The health-care sector has 16.8 million workers, according to the Kaiser Family Foundation. But front-line caregivers are stretched thin across the system, with few in reserve for crises.
“The technical side is very clear,” Fischer said. “What is harder for hospitals to think about is how to manage health-care workers and supplies, given that we run so tight on both. There’s no slack.”
As the coronavirus spread across China, 3,387 health-care workers were infected by Feb. 24, almost all in Hubei province, the center of the outbreak, according to Chinese health authorities. Many were infected early in the epidemic, before China brought the spread of infection in hospitals under control, said H. Clifford Lane, clinical director of the National Institute of Allergy and Infectious Diseases, who visited China as part of the World Health Organization team that investigated the crisis there.
During the 2003 SARS outbreak in Toronto, a person with the virus came to the emergency department but was kept in a general observation area, where his infection spread to two other patients and a nurse who cared for all three, according to a study of the episode.
The SARS virus soon spread to many health-care workers, including paramedics, a firefighter, five emergency room employees and a housekeeper. Cases appeared in other hospitals. Of the 438 people ultimately sickened by SARS in Canada, 375 were in Toronto, and most of the cases were acquired in hospitals. Of the 44 deaths, two were nurses, and one was a doctor.
If U.S. hospitals eventually face a shortage of caregivers, they can call in retirees or press people like EMTs into clinical care, Fischer said. The U.S. Public Health Service Commissioned Corps has deployed more than 600 people to various places nationwide, including airport screening sites and Customs and Border Protection locations to assist with health screenings, a spokeswoman said. The agency, led by U.S. Surgeon General Jerome Adams, is looking to hire more personnel, she said.
Some medical centers are taking extra measures to protect current employees’ health and ensure that they will have sufficient staff to handle the outbreak.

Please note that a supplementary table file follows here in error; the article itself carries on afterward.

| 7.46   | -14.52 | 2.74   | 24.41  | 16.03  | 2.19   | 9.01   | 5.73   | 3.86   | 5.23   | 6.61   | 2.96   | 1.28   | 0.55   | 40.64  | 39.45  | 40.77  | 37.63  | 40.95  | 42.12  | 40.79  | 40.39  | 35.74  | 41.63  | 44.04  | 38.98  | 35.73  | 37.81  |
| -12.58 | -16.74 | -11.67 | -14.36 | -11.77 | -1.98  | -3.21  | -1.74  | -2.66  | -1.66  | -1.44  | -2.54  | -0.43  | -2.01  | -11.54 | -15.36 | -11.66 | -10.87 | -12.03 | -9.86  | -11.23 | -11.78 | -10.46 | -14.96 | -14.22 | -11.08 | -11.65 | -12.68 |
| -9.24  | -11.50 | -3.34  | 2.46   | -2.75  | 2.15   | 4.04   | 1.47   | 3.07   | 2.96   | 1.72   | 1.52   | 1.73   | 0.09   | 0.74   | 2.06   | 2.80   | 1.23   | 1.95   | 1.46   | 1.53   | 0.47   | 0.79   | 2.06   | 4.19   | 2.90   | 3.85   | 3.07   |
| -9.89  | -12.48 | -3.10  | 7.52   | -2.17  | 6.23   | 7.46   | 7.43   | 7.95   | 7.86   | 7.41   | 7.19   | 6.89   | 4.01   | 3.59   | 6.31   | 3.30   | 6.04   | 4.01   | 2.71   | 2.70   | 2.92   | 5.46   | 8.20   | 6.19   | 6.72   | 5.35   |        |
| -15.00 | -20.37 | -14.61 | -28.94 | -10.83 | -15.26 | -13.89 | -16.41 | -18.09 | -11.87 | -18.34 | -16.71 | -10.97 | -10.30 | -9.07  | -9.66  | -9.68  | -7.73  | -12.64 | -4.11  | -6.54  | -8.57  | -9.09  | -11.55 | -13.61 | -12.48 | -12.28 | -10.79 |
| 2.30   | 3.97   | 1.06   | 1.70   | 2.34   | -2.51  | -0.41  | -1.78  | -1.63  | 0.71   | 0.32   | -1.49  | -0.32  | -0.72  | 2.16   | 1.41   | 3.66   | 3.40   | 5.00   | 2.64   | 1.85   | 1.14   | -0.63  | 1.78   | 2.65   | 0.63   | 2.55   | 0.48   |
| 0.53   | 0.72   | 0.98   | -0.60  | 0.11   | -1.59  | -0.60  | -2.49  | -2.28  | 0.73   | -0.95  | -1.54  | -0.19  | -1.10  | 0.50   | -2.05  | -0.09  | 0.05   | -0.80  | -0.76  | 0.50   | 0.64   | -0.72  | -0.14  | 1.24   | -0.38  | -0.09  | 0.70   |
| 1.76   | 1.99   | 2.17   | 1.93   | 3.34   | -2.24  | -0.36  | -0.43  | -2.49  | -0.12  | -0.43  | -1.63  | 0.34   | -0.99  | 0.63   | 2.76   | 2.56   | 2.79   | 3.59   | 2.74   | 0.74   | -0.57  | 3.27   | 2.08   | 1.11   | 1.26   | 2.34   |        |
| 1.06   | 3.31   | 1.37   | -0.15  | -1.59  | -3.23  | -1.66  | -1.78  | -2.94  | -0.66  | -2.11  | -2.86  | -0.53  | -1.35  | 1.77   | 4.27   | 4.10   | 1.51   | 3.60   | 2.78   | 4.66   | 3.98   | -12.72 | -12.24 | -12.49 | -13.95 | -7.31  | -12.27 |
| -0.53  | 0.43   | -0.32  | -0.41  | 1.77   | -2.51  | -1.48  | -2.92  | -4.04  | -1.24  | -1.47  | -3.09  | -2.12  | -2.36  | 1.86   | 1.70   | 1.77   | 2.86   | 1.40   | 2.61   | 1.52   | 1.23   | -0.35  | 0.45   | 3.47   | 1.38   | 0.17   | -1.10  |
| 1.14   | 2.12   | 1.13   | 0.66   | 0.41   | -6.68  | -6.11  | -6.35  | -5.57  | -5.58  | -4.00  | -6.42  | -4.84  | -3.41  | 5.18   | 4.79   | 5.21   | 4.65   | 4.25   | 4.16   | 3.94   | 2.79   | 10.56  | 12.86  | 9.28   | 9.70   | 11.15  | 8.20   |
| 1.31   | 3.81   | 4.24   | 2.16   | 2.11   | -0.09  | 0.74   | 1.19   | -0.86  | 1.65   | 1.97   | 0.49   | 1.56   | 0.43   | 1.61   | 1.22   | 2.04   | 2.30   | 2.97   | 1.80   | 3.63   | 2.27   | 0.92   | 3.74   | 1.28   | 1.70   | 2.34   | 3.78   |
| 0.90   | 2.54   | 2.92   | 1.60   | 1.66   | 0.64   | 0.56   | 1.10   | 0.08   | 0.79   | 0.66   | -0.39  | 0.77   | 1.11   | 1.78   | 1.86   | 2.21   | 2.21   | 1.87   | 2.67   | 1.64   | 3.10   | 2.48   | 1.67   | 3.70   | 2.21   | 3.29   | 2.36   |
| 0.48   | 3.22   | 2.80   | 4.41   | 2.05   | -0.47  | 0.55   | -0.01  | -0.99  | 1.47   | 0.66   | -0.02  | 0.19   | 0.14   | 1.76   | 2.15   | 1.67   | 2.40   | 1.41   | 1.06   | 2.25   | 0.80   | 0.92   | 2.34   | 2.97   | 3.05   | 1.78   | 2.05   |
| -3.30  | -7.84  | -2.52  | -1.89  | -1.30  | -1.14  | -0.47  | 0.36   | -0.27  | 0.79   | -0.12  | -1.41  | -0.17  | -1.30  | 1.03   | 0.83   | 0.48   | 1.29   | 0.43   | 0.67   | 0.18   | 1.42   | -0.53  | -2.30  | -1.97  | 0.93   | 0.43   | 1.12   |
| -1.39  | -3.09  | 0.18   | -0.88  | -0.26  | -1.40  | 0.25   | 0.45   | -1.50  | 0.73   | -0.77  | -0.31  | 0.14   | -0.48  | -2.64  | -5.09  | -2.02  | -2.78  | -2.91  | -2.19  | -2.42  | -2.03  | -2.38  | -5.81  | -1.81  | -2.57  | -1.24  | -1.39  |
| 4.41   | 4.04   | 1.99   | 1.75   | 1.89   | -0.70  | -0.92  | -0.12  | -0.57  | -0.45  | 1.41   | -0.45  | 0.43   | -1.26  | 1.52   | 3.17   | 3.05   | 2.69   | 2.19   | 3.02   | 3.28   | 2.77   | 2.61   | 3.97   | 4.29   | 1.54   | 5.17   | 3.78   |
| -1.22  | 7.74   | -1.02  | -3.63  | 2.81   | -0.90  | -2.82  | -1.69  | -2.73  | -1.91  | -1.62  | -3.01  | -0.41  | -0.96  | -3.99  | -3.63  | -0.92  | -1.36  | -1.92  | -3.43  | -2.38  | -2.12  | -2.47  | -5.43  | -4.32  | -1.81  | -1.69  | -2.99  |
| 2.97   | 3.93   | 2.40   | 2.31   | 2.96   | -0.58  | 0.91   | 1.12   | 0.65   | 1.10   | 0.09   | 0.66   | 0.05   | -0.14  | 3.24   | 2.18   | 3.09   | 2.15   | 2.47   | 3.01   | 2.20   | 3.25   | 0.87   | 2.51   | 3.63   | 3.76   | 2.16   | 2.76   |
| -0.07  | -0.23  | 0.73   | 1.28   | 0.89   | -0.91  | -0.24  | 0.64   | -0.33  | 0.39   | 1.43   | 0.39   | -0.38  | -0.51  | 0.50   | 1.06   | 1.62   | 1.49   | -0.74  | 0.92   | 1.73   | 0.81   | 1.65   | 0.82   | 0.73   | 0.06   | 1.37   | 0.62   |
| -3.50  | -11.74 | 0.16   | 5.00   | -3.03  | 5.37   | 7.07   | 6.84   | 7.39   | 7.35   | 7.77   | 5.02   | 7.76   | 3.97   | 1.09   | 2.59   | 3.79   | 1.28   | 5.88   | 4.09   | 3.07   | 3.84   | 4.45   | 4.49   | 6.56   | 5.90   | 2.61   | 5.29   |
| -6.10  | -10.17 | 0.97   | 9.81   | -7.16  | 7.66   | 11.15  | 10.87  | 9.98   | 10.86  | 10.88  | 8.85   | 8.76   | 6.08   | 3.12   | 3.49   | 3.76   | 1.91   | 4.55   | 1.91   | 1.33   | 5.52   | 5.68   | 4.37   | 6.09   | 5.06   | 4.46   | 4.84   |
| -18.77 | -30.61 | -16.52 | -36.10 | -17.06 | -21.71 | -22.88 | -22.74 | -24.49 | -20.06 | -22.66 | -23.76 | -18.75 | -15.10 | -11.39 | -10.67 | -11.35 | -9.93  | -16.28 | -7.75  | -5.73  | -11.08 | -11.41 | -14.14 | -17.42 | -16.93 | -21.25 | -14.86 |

“Preparedness is not about making us outbreak-proof. Nothing can do that,” said Fischer, the Georgetown expert. “It’s about where we can introduce a little bit of slack into the system, a little bit of resilience in the system.”
Kaiser Permanente of Southern California has canceled nonessential travel and banned most large face-to-face meetings, according to an email to employees. At an urgent care clinic at the University of Pittsburgh Medical Center in Pittsburgh, where workers already were taking precautions amid a serious flu season, staff members are doing a little extra hand-washing and being more careful.
As they did during the SARS and Ebola outbreaks, “we just tightened our boots and made extra precautions just to try to identify that person who might have been at high risk,” said David Figucia, the clinic’s medical director.
The University of Nebraska Medical Center, one of the nation’s leading biocontainment and infectious disease facilities, has added special precautions for triaging patients with respiratory infections, such as having them wear masks upon entering and directing them to two designated clinics.
“But that only works when you’re talking about a handful of patients,” said Mark Rupp, medical director for infection control and epidemiology there. “A week from now, it may not be viable. Even us, we’re working on these things and scrambling to get them in place like many others are.”
It has become clear that some hospitals took the threat of pandemic seriously and have plans in place and that others “simply hoped this day would never come,” he said.
Melissa Nolan, an infectious-disease epidemiologist at the University of South Carolina, said it’s not clear whether otherwise healthy medical workers are at an increased risk of the most severe complications of coronavirus because of repeated exposure to the illness via their patients. One factor worth considering, she said, is the viral load a nurse or doctor may face.
Experts also agree that hospitals must assure workers that their families are cared for as they place their health in jeopardy caring for patients.
“I went into nursing to take care of sick people at the most vulnerable time in their life,” Managhebi said. “They might not always remember my name, but they remember how I made them feel during that time. That’s our job. And I’m willing to take care of anyone. But I’m not willing to risk my family’s safety.”
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Hernandez reported from Vacaville, Calif. The Washington Post’s Joel Achenbach and Derek Hawkins contributed to this report.